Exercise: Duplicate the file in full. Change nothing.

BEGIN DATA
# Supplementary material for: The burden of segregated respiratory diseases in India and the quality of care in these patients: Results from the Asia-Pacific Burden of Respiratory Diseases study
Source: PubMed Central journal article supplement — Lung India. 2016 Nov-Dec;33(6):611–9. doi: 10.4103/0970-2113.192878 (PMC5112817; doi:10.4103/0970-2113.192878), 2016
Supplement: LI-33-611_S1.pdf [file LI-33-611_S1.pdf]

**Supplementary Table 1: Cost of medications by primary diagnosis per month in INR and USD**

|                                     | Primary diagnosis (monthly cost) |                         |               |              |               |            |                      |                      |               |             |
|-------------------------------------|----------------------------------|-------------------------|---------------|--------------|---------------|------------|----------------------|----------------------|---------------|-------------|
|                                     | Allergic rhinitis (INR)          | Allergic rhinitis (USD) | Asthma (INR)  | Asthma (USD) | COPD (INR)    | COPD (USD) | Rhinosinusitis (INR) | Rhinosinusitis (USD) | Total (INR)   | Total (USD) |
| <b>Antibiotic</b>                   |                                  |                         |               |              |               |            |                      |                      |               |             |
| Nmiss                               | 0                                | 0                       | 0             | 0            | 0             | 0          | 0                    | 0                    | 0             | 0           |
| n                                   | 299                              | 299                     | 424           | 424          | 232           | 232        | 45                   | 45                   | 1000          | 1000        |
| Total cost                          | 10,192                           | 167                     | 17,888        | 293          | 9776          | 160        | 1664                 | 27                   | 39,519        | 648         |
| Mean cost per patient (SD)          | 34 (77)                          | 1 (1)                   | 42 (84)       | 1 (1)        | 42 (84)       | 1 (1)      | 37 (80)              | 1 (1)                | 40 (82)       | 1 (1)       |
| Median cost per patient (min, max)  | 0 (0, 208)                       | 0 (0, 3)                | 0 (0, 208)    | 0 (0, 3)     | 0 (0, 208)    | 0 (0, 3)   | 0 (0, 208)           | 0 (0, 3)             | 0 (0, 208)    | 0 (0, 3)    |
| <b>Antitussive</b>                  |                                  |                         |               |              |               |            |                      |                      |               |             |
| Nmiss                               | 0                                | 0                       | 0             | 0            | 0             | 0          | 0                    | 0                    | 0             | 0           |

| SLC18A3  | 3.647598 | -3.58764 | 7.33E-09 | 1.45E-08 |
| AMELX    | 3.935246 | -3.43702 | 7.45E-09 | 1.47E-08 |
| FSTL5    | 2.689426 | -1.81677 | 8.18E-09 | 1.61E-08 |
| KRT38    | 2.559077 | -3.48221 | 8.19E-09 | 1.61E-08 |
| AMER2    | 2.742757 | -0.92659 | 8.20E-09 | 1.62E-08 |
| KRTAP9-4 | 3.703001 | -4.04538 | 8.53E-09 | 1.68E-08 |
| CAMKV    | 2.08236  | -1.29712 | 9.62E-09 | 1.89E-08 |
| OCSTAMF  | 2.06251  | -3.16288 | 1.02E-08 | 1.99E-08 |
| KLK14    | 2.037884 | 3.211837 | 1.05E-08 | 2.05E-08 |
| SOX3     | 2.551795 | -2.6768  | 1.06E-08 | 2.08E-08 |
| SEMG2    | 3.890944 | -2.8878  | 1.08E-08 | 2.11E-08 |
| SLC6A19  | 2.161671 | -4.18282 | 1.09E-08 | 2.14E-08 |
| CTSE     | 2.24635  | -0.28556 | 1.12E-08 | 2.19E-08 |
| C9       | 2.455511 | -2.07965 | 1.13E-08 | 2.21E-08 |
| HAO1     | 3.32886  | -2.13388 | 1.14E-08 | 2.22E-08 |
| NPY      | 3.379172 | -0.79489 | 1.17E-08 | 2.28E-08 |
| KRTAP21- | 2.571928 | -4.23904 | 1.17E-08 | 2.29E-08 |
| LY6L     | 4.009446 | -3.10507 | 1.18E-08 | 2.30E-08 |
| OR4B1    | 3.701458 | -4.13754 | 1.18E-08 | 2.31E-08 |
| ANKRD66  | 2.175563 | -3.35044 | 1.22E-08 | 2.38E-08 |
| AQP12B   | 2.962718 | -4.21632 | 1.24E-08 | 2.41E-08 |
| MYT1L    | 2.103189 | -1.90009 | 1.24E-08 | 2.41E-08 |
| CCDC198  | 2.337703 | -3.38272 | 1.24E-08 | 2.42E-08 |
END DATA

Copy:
# Supplementary material for: The burden of segregated respiratory diseases in India and the quality of care in these patients: Results from the Asia-Pacific Burden of Respiratory Diseases study
Source: PubMed Central journal article supplement — Lung India. 2016 Nov-Dec;33(6):611–9. doi: 10.4103/0970-2113.192878 (PMC5112817; doi:10.4103/0970-2113.192878), 2016
Supplement: LI-33-611_S1.pdf [file LI-33-611_S1.pdf]

**Supplementary Table 1: Cost of medications by primary diagnosis per month in INR and USD**

|                                     | Primary diagnosis (monthly cost) |                         |               |              |               |            |                      |                      |               |             |
|-------------------------------------|----------------------------------|-------------------------|---------------|--------------|---------------|------------|----------------------|----------------------|---------------|-------------|
|                                     | Allergic rhinitis (INR)          | Allergic rhinitis (USD) | Asthma (INR)  | Asthma (USD) | COPD (INR)    | COPD (USD) | Rhinosinusitis (INR) | Rhinosinusitis (USD) | Total (INR)   | Total (USD) |
| <b>Antibiotic</b>                   |                                  |                         |               |              |               |            |                      |                      |               |             |
| Nmiss                               | 0                                | 0                       | 0             | 0            | 0             | 0          | 0                    | 0                    | 0             | 0           |
| n                                   | 299                              | 299                     | 424           | 424          | 232           | 232        | 45                   | 45                   | 1000          | 1000        |
| Total cost                          | 10,192                           | 167                     | 17,888        | 293          | 9776          | 160        | 1664                 | 27                   | 39,519        | 648         |
| Mean cost per patient (SD)          | 34 (77)                          | 1 (1)                   | 42 (84)       | 1 (1)        | 42 (84)       | 1 (1)      | 37 (80)              | 1 (1)                | 40 (82)       | 1 (1)       |
| Median cost per patient (min, max)  | 0 (0, 208)                       | 0 (0, 3)                | 0 (0, 208)    | 0 (0, 3)     | 0 (0, 208)    | 0 (0, 3)   | 0 (0, 208)           | 0 (0, 3)             | 0 (0, 208)    | 0 (0, 3)    |
| <b>Antitussive</b>                  |                                  |                         |               |              |               |            |                      |                      |               |             |
| Nmiss                               | 0                                | 0                       | 0             | 0            | 0             | 0          | 0                    | 0                    | 0             | 0           |

| SLC18A3  | 3.647598 | -3.58764 | 7.33E-09 | 1.45E-08 |
| AMELX    | 3.935246 | -3.43702 | 7.45E-09 | 1.47E-08 |
| FSTL5    | 2.689426 | -1.81677 | 8.18E-09 | 1.61E-08 |
| KRT38    | 2.559077 | -3.48221 | 8.19E-09 | 1.61E-08 |
| AMER2    | 2.742757 | -0.92659 | 8.20E-09 | 1.62E-08 |
| KRTAP9-4 | 3.703001 | -4.04538 | 8.53E-09 | 1.68E-08 |
| CAMKV    | 2.08236  | -1.29712 | 9.62E-09 | 1.89E-08 |
| OCSTAMF  | 2.06251  | -3.16288 | 1.02E-08 | 1.99E-08 |
| KLK14    | 2.037884 | 3.211837 | 1.05E-08 | 2.05E-08 |
| SOX3     | 2.551795 | -2.6768  | 1.06E-08 | 2.08E-08 |
| SEMG2    | 3.890944 | -2.8878  | 1.08E-08 | 2.11E-08 |
| SLC6A19  | 2.161671 | -4.18282 | 1.09E-08 | 2.14E-08 |
| CTSE     | 2.24635  | -0.28556 | 1.12E-08 | 2.19E-08 |
| C9       | 2.455511 | -2.07965 | 1.13E-08 | 2.21E-08 |
| HAO1     | 3.32886  | -2.13388 | 1.14E-08 | 2.22E-08 |
| NPY      | 3.379172 | -0.79489 | 1.17E-08 | 2.28E-08 |
| KRTAP21- | 2.571928 | -4.23904 | 1.17E-08 | 2.29E-08 |
| LY6L     | 4.009446 | -3.10507 | 1.18E-08 | 2.30E-08 |
| OR4B1    | 3.701458 | -4.13754 | 1.18E-08 | 2.31E-08 |
| ANKRD66  | 2.175563 | -3.35044 | 1.22E-08 | 2.38E-08 |
| AQP12B   | 2.962718 | -4.21632 | 1.24E-08 | 2.41E-08 |
| MYT1L    | 2.103189 | -1.90009 | 1.24E-08 | 2.41E-08 |
| CCDC198  | 2.337703 | -3.38272 | 1.24E-08 | 2.42E-08 |